Sign up ×
Stack Overflow is a community of 4.7 million programmers, just like you, helping each other. Join them; it only takes a minute:

During Andrei Alexandrescu's talk on error handling:

See C++ and Beyond 2012: Andrei Alexandrescu - Systematic Error Handling in C++ (about 30 minutes in)

Andrei presents the following piece of code:

    using std::exception_ptr;
    if (gotHam) ham.~T();
    else spam.~exception_ptr();

This destructor is cleaning up a union which contains either some type T or a std::exception_ptr. The union is populated using placement new.

Andrei then explains that the using std::exception_ptr; is necessary because the following code does not parse:

    else spam.~std::exception_ptr();

This means that it is always necessary to have a using directive if you need to explicitly call the destructor of a class in a different namespace.

Why doesn't the second example parse?

Would the followng code be a valid alternative?

    else delete spam;

Does this have the same affect as explicitly calling the destructor of std::exception_ptr

share|improve this question
Regarding the latter question, no. delete consists of calling the destructor and invoking operator delete. – R. Martinho Fernandes Jan 4 '13 at 11:51
I can see why it won't work with std:: but I'm surprised you need to bring it into the namespace. spam is already of type exception_ptr and you are just invoking the destructor for memory that was allocated with placement new? spam is presumably a reference not a pointer given you use . not -> but delete &spam invalid too if placement new was used. – CashCow Jan 4 '13 at 12:02
@R. Martinho Fernandes, thanks, this question offers some further explanation. – mark Jan 4 '13 at 12:03
You can work it around with an aias template: template<typename T> using alias = T; then write spam.~alias<std::exception_ptr>() – ᐅ Johannes Schaub - litb ᐊ Jan 4 '13 at 22:07

3 Answers 3

up vote 10 down vote accepted

Andrei probably uses using std::exception_ptr; because his compiler is broken.

There's no need. spam.~exception_ptr(); should compile just fine without it.

3.4.5/3. If the unqualified-id is ~type-name, the type-name is looked up in the context of the entire postfix-expression. If the type T of the object expression is of a class type C, the type-name is also looked up in the scope of class C.

It indeed compiles with gcc.

If you need to use qualified-name for some reason, spam.std::exception_ptr::~exception_ptr(); also compiles.

share|improve this answer
Ah, I had not read that clause in the standard. Andrei must have used Microsoft's compiler, which is the one I also used and behaves that way. – Gorpik Jan 4 '13 at 13:01

The problem here is that ~std::exception_ptr() is not really the name of the function you are trying to call, but just ~exception_ptr(). And, since it belongs to a class in a different namespace, it is inaccessible (EDIT: though it should be accessible according to §3.4.5/3 in the C++11 standard, as n.m. points out in his answer, but Microsoft compiler behaves this way).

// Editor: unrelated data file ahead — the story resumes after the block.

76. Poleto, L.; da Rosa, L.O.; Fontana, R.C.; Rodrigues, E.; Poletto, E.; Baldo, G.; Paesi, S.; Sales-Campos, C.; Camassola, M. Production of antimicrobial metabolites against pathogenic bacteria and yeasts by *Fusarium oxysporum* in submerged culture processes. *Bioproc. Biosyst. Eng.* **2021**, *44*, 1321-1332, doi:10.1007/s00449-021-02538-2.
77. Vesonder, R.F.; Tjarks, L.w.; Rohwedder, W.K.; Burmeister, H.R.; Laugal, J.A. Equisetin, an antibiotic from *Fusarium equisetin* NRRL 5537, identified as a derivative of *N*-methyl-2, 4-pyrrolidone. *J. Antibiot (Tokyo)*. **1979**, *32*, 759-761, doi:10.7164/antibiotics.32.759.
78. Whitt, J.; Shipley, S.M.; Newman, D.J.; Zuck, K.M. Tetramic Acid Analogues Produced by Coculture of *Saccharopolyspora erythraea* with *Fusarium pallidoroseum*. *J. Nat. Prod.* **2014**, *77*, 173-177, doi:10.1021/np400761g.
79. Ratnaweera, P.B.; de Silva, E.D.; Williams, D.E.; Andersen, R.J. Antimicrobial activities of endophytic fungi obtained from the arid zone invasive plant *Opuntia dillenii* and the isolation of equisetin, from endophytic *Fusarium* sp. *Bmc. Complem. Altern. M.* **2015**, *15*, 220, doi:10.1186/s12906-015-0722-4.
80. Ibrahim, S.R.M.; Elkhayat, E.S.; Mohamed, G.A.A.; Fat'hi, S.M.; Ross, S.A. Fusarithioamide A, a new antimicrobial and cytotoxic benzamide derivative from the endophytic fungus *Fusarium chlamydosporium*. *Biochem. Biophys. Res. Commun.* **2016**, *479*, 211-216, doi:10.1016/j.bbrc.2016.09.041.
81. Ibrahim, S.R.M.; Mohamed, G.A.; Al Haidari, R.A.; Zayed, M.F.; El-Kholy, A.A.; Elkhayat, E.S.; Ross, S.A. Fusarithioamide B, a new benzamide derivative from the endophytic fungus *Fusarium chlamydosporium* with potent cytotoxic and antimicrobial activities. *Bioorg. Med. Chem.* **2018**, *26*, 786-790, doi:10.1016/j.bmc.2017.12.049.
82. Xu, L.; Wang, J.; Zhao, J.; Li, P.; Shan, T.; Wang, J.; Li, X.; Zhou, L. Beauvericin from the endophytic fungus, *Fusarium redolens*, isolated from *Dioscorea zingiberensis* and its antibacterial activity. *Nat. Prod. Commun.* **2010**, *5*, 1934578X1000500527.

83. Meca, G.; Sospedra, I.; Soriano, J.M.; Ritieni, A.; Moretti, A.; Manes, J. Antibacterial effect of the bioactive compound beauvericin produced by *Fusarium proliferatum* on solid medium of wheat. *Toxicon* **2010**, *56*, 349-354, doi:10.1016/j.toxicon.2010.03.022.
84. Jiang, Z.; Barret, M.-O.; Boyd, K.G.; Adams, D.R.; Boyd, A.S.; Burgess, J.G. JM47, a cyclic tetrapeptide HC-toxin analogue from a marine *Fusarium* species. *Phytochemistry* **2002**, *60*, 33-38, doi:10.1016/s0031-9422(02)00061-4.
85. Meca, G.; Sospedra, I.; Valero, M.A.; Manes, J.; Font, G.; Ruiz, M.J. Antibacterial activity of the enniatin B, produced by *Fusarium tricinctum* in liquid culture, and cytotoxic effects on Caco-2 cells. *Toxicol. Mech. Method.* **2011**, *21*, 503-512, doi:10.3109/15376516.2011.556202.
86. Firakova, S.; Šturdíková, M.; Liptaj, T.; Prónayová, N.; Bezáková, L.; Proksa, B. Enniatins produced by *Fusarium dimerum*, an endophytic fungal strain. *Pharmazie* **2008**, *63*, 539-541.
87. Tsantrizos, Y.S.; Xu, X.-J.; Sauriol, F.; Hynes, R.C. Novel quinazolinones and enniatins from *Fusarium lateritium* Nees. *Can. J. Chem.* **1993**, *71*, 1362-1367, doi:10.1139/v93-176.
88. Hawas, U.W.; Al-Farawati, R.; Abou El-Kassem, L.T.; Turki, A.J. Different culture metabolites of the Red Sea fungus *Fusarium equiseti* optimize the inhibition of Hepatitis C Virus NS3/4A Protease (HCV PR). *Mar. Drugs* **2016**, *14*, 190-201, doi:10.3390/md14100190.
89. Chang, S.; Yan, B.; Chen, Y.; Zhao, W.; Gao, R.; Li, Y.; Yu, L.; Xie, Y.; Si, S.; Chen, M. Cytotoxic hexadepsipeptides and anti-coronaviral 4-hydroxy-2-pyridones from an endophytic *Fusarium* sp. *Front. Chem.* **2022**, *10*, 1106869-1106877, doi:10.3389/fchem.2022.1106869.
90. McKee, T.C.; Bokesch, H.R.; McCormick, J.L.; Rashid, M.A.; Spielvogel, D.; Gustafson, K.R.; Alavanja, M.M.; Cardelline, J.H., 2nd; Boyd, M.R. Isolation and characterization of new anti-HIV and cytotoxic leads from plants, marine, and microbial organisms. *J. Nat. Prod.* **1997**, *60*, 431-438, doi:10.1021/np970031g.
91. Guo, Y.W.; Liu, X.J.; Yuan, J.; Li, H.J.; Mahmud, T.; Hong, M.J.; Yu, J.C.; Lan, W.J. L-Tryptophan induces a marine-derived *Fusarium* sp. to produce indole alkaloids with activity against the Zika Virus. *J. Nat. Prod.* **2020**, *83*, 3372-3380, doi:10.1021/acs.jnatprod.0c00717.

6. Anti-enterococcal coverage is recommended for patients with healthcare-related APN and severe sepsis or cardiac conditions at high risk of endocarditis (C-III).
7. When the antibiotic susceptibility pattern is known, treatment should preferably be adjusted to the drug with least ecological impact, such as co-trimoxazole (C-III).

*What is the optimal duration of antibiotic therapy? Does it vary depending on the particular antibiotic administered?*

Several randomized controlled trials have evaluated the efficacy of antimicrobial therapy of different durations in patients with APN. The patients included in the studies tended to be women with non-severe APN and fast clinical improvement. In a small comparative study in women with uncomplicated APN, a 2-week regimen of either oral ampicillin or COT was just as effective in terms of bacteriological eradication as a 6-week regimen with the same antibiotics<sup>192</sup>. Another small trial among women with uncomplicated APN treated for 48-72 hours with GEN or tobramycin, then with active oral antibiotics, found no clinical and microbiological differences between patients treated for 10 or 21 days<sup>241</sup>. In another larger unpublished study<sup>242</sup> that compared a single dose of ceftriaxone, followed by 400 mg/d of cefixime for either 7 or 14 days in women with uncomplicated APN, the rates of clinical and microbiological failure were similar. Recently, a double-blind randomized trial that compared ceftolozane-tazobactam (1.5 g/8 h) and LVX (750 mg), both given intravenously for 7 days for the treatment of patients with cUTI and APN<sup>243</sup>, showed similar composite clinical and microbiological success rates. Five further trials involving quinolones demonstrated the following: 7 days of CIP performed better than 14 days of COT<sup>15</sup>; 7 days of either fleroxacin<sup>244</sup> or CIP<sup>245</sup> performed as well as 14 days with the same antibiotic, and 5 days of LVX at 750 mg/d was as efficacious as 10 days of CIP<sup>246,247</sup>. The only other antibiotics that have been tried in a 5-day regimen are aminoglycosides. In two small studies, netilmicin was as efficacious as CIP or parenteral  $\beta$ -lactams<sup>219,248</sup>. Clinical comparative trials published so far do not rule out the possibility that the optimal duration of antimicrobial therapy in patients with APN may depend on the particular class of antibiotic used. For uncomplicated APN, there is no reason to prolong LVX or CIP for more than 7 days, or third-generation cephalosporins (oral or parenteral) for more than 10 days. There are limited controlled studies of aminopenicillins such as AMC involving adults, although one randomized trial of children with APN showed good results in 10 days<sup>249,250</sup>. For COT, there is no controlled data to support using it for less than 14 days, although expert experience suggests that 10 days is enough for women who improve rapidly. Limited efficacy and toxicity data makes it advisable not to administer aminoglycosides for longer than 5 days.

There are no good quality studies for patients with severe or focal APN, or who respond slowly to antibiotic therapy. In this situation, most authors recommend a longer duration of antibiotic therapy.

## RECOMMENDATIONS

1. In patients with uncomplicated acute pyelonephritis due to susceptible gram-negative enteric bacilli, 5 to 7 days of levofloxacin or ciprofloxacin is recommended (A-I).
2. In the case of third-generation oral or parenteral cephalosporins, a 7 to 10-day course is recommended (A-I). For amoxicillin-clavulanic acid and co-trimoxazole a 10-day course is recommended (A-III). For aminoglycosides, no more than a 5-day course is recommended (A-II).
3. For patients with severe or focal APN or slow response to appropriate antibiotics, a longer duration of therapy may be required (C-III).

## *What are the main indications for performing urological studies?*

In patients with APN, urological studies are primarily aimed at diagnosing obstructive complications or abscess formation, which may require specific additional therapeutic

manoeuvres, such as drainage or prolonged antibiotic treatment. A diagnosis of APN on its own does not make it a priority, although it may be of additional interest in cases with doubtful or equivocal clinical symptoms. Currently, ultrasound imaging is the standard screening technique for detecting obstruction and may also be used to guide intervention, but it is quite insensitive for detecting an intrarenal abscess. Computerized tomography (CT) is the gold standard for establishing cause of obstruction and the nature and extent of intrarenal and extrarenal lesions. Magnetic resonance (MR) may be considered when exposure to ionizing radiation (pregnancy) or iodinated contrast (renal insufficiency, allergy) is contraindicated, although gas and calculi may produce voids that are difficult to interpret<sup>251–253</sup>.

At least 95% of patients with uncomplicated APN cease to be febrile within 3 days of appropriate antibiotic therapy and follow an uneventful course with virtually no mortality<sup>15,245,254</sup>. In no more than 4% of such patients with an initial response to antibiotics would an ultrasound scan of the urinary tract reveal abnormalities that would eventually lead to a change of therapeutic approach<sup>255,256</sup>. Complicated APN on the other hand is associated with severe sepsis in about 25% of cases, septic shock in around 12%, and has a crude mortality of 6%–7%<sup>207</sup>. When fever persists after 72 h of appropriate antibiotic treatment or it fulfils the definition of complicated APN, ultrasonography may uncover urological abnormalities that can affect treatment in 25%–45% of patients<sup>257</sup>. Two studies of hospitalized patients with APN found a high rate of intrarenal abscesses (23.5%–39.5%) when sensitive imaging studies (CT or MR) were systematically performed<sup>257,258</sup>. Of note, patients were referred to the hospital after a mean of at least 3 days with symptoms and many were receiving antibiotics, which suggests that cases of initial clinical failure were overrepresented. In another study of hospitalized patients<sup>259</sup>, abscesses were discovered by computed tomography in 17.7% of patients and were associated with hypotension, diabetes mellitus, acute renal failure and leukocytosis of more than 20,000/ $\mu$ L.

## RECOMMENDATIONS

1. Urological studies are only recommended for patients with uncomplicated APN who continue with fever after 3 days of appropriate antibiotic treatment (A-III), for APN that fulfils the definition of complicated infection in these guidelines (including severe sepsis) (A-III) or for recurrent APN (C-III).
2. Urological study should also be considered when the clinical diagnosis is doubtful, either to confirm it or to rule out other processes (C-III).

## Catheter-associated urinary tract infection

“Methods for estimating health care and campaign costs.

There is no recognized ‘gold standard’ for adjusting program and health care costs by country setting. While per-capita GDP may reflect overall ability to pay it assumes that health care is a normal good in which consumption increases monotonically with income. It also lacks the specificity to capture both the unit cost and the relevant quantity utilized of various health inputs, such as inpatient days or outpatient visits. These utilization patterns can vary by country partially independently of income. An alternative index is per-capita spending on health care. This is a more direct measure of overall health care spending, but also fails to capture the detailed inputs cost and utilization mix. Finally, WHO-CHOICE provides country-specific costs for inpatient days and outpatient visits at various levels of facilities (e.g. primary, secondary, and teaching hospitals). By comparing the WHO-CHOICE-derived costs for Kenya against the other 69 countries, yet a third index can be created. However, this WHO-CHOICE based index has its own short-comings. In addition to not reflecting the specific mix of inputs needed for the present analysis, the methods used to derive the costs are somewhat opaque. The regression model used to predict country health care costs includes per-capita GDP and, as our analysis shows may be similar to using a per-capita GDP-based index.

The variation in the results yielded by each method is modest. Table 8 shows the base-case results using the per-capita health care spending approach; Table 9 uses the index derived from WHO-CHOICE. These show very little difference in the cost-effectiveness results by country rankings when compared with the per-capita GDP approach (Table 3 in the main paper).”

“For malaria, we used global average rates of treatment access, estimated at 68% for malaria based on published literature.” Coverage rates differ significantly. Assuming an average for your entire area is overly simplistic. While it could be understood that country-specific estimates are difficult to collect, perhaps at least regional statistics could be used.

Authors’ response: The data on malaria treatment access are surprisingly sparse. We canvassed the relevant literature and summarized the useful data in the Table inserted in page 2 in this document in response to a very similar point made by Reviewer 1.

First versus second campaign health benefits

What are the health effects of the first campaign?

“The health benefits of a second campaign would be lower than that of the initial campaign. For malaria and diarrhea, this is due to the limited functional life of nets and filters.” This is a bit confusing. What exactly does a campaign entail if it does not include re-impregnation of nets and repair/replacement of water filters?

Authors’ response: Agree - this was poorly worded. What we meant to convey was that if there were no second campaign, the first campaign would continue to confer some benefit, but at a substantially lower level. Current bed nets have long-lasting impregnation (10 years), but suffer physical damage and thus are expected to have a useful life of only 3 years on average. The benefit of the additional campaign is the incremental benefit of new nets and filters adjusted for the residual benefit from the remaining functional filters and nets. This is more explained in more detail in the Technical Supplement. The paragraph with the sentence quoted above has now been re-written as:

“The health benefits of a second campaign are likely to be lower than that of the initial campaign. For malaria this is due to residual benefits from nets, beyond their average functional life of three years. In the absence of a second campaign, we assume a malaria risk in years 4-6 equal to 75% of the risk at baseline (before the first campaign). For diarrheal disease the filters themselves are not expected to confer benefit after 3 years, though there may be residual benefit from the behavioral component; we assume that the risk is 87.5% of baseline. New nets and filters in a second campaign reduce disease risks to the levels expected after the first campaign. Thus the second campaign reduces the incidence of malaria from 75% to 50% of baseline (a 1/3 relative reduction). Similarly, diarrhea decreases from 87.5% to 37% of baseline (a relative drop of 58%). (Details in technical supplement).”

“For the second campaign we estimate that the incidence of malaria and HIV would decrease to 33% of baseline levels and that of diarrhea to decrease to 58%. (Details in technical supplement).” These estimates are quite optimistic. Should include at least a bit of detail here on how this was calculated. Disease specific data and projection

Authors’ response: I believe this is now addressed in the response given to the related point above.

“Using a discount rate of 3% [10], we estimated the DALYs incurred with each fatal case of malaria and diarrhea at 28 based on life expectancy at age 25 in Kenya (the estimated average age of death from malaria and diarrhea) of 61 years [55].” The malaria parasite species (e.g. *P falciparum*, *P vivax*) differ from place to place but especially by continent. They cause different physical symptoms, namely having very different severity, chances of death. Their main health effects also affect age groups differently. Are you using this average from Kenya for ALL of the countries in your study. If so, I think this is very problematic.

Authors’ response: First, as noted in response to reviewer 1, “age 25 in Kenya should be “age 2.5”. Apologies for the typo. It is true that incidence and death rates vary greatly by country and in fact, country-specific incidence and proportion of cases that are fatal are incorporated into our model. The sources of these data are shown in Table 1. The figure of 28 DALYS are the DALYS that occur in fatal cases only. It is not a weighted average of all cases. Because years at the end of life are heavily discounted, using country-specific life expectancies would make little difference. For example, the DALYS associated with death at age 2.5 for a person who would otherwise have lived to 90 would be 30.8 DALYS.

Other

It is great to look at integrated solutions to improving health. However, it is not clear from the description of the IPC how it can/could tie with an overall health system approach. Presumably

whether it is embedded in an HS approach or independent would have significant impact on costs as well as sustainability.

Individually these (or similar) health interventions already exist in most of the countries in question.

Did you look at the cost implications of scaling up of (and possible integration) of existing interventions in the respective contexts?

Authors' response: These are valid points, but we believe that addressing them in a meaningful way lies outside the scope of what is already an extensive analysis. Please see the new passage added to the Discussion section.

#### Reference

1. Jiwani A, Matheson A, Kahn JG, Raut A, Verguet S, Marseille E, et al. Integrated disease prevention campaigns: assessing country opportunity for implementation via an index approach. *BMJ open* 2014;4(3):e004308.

You have an alternative to bringing the class into your namespace: do an explicit call using the qualified class name:

else spam.std::exception_ptr::~exception_ptr(); // This is legal

As for your second question, as R. Martinho Fernandes correctly explained in a comment, calling the delete operator is not equivalent to just calling the destructor: it also calls the awkwardly named function operator delete().

share|improve this answer
remember that this will inhibit the virtual function call mechanism. so if spam would be a reference or pointer (spam->), this will cease to work. – ᐅ Johannes Schaub - litb ᐊ Jan 4 '13 at 22:05

The syntax spam.~std::exception_ptr isn't allowed because the grammar ask for an id-expression and ~std::exception_ptr isn't one, as Gorpik pointed, you need spam.std::exception_ptr::~exception_ptr(). But I'm not understanding the reason why qualification is needed, in the clause describing the syntax, it is reminded that

because the name of a class is inserted in its class scope (Clause 9), the name of a class is also considered a nested member of that class.

so I think that spam.~exception_ptr() should be valid even without a using clause. BTW

namespace ns {
struct Foo {};

void f()
    ns::Foo x;

compile cleanly with all g++ I've access to (included the very old 2.95). That seems to confirm my opinion that if it doesn't work in the context of the updated union types of C++11, it's a bug in the implementation.

Edit, with g++ 4.7.1, the following compiles as well with -std=c++11.

namespace ns {
struct Foo {};

struct Bar {};

union U {
    ns::Foo f;
    Bar b;

struct C {
    bool b;
    U u;
    ~C() {
        if (b)

void f()
    C c;

so Andrei has be side-tracked (either by a bug in the compiler he was using or by forgetting the fact that class names are imported in the scope of a class) trying a problem which didn't need to be solved.

share|improve this answer
VS2010 (the compiler I am using) works as explained in the question. Reading §12.4/12, I understand that the explicit call must use the type name (in this case, std::exception_ptr), but this should also be the name of the function called, which is not true. Anyway, this is not too clear for me: I don't know who is right in this case, VS (and Alexandrescu) or GCC. – Gorpik Jan 4 '13 at 12:55
Ah, reading n.m.'s answer, I had not looked at that clause in the standard. Now I think VS is wrong. – Gorpik Jan 4 '13 at 12:58

Your Answer


By posting your answer, you agree to the privacy policy and terms of service.

Not the answer you're looking for? Browse other questions tagged or ask your own question.